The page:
Tag Archives: review

Not Quite A Haiku Review: Her (2013)

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I just fell in love.
Is it possible to marry a film?
Siri, please wipe my tears.

Theodore works for Star-Lord, apparently.
Please let me be his Mrs. Twombly.
I like future Los Angeles.

Scarlett’s sultry tones are magnetic.
Kudos to you moving aside, Samantha Morton.
That surrogate shit be cray.

Get excited about future games.
That little cartoon dude begs for abuse.
Everybody loves Mr. Adam Spiegel.

Here’s to Oscar-winning Spike Jonze.
And dedicatees Yauch, Savides, Sendak and Gandolfini.
Don’t go humping the fridge.

VERDICT: 5/5

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Review: Cuban Fury (2014)

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***THIS REVIEW WAS ORIGINALLY POSTED AT THE HOLLYWOOD NEWS ON TUESDAY 11TH FEBRUARY, HERE***

Director: James Griffiths.

Starring: Nick Frost, Chris O’Dowd, Kayvan Novak, Rashida Jones, Olivia Colman, Ian McShane, Rory Kinnear.

Certificate: 15.

Running Time: 98 minutes.

SynopsisJunior salsa champion, Bruce (Nick Frost) leaves his dancing dreams behind after a bullying incident goes too far. Bored and stuck in routine, the arrival of beautiful, smart new boss Julia (Rashida Jones) gives him reason to dig out his Cuban heels once more. That is, if sleazy co-worker Drew (Chris O’Dowd) doesn’t get in there first.

Fresh out of The Cornetto Trilogy, Nick Frost swaps ice cream for dancing shoes in a surprisingly relatable story buried under a mountain of sequins. The opening credit narration and quick-fire editing may suggest an Edgar Wright rip-off, but CUBAN FURY delivers far beyond the usual romcom tropes thanks to its brilliant cast and token salsa twist.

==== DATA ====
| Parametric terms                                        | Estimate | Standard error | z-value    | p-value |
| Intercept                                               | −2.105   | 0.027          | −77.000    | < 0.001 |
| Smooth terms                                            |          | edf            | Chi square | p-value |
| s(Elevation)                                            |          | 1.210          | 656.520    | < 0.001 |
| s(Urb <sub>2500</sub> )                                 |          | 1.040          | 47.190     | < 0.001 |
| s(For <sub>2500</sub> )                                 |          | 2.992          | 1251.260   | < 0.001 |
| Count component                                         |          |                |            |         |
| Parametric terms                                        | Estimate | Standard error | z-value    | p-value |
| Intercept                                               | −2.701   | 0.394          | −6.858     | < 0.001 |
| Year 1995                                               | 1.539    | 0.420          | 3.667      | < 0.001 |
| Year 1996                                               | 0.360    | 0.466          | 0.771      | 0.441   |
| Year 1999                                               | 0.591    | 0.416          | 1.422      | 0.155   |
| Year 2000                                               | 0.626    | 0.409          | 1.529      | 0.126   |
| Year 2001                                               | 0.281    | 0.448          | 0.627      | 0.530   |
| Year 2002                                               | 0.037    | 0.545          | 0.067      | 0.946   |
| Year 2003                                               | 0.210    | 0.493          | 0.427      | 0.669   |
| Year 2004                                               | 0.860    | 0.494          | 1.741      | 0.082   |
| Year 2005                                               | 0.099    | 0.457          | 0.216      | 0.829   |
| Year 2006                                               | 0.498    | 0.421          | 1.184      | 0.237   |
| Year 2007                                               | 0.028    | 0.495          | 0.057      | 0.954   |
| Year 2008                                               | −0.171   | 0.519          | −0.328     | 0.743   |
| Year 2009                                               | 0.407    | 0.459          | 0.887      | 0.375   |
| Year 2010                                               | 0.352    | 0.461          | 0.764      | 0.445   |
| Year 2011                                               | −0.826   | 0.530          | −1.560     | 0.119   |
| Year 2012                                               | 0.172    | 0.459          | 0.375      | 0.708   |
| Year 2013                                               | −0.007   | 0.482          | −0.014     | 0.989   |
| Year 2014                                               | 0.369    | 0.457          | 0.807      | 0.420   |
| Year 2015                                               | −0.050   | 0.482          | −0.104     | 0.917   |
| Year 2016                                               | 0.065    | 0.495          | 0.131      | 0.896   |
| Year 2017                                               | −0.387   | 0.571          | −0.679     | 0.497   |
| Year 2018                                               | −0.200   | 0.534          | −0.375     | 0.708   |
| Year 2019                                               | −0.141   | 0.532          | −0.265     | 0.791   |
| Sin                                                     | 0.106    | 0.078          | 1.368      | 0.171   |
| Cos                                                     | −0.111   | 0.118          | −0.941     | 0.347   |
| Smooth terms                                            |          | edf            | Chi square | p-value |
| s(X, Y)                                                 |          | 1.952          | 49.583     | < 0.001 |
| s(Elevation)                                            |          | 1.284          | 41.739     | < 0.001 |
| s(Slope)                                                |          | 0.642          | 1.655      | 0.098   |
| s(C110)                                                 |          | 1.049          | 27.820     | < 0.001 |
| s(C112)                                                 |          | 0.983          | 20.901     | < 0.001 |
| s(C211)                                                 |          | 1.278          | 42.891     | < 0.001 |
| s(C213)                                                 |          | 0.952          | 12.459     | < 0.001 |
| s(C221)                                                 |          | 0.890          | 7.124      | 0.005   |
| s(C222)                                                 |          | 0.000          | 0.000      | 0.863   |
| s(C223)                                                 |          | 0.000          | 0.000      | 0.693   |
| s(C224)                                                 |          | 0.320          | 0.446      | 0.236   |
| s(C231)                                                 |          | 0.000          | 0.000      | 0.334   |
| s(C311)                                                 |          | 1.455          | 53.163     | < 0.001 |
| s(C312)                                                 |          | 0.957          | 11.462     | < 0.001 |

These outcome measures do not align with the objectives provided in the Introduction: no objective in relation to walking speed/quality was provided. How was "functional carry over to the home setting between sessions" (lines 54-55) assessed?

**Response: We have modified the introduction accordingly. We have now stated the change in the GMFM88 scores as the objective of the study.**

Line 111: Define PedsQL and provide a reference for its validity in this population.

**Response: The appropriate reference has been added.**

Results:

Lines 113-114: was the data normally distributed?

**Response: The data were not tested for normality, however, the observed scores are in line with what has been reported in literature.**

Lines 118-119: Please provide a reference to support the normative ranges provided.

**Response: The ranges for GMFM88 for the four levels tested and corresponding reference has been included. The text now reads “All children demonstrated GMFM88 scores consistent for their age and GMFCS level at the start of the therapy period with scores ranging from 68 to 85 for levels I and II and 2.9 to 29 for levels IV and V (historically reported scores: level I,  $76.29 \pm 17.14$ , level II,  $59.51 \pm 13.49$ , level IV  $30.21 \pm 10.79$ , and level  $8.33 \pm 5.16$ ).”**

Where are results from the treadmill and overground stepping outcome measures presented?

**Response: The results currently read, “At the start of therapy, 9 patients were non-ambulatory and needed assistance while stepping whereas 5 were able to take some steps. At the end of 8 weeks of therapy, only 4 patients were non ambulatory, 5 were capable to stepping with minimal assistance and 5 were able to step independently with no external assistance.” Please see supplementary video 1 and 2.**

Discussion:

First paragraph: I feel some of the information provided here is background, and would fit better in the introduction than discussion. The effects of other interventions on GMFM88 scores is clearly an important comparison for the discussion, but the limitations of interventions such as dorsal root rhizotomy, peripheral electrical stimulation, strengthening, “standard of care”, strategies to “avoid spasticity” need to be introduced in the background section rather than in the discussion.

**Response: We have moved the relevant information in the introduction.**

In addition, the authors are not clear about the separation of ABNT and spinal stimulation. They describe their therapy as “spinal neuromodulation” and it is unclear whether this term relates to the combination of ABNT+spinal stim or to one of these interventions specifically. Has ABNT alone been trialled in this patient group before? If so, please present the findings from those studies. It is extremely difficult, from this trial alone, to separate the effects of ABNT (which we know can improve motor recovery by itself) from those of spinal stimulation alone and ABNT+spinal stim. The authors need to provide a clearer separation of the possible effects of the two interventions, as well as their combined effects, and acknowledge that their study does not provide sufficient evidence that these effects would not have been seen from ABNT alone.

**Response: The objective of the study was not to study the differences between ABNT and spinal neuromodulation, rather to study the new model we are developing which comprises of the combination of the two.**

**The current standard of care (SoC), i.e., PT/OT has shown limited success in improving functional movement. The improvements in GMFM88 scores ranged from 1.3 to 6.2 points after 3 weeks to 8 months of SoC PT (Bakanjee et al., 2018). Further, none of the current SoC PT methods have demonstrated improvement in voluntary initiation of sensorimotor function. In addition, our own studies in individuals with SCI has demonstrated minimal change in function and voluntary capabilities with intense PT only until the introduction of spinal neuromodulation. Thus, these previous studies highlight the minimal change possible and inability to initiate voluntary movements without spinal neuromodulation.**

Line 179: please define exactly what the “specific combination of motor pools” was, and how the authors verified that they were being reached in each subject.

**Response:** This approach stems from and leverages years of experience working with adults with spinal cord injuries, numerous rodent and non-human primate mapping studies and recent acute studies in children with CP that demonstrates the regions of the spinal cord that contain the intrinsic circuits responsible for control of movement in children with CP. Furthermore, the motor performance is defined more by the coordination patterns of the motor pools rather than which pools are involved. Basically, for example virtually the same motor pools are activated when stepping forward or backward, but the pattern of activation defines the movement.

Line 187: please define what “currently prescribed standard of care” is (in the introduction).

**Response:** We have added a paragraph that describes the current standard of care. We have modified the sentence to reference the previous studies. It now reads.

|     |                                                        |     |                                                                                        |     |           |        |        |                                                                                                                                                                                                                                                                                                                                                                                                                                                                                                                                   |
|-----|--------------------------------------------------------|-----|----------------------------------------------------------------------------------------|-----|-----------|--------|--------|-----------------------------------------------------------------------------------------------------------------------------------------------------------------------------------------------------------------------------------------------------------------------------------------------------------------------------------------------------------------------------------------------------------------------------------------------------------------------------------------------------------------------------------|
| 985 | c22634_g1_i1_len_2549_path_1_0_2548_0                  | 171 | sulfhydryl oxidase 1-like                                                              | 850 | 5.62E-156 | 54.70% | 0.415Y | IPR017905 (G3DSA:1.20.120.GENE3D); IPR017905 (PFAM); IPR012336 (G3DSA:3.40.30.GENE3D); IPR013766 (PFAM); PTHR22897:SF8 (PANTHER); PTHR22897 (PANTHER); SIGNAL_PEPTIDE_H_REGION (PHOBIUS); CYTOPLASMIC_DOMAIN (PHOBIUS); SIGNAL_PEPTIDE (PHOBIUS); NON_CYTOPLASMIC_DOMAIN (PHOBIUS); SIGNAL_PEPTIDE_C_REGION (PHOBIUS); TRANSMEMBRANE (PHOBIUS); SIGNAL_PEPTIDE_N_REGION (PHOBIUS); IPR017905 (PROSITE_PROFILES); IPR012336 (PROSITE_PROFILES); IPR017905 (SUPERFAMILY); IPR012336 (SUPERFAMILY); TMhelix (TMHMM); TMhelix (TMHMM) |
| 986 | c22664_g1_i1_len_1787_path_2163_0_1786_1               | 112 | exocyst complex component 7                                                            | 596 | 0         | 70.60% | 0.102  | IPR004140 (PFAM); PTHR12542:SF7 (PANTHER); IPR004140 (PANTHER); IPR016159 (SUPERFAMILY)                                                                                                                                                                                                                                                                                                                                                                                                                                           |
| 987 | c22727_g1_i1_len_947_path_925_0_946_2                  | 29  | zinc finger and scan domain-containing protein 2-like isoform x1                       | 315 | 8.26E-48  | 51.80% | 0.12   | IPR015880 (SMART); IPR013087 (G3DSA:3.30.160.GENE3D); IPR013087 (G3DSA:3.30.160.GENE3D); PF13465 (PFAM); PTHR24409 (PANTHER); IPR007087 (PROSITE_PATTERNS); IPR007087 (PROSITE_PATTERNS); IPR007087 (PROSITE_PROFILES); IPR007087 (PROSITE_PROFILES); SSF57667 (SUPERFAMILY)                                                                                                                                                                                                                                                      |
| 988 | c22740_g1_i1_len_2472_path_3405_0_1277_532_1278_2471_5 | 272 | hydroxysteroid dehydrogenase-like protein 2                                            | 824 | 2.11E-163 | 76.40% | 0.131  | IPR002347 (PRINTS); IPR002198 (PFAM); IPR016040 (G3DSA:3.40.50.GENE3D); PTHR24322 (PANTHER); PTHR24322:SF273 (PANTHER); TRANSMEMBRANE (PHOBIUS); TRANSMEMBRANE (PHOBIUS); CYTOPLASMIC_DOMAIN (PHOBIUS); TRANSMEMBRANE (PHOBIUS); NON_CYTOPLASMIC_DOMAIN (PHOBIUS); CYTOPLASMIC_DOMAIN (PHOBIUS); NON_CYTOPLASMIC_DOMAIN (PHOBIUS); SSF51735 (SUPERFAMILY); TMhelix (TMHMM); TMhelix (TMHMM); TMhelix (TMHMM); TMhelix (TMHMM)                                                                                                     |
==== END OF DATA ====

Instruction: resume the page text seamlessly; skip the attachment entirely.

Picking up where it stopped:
Based on an original idea that came to him after a drunken night out, Nick Frost plays Bruce, a former UK salsa champion who locked his trophies away after the horrors of ‘Sequingate’. Though evidently very good at his job, daily abuse from colleague Drew makes it less than enjoyable until new American boss Julia shatters the tedium. Convinced she’s out of his league, a shared love for dance has Bruce egged on by his best friends to win her heart – but getting back on the dance floor is a little more complex than climbing onto his fold up bike. Continue reading

Review: The Lego Movie (2014)

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***THIS REVIEW WAS ORIGINALLY POSTED AT THE HOLLYWOOD NEWS ON MONDAY 10TH FEBRUARY, HERE***

Director: Phil Lord, Christopher Miller.

Starring: Chris Pratt, Elizabeth Banks, Morgan Freeman, Will Ferrell, Liam Neeson, Will Arnett, Alison Brie, Charlie Day, Nick Offerman.

Running Time: 100 minutes.

Certificate: U.

Synopsis: When the ordinary, rule-obeying Emmet (Chris Pratt) is mistaken as ‘The Special’, he finds himself battling the evil President Business’ (Will Ferrell) plan to glue the individual Lego worlds together.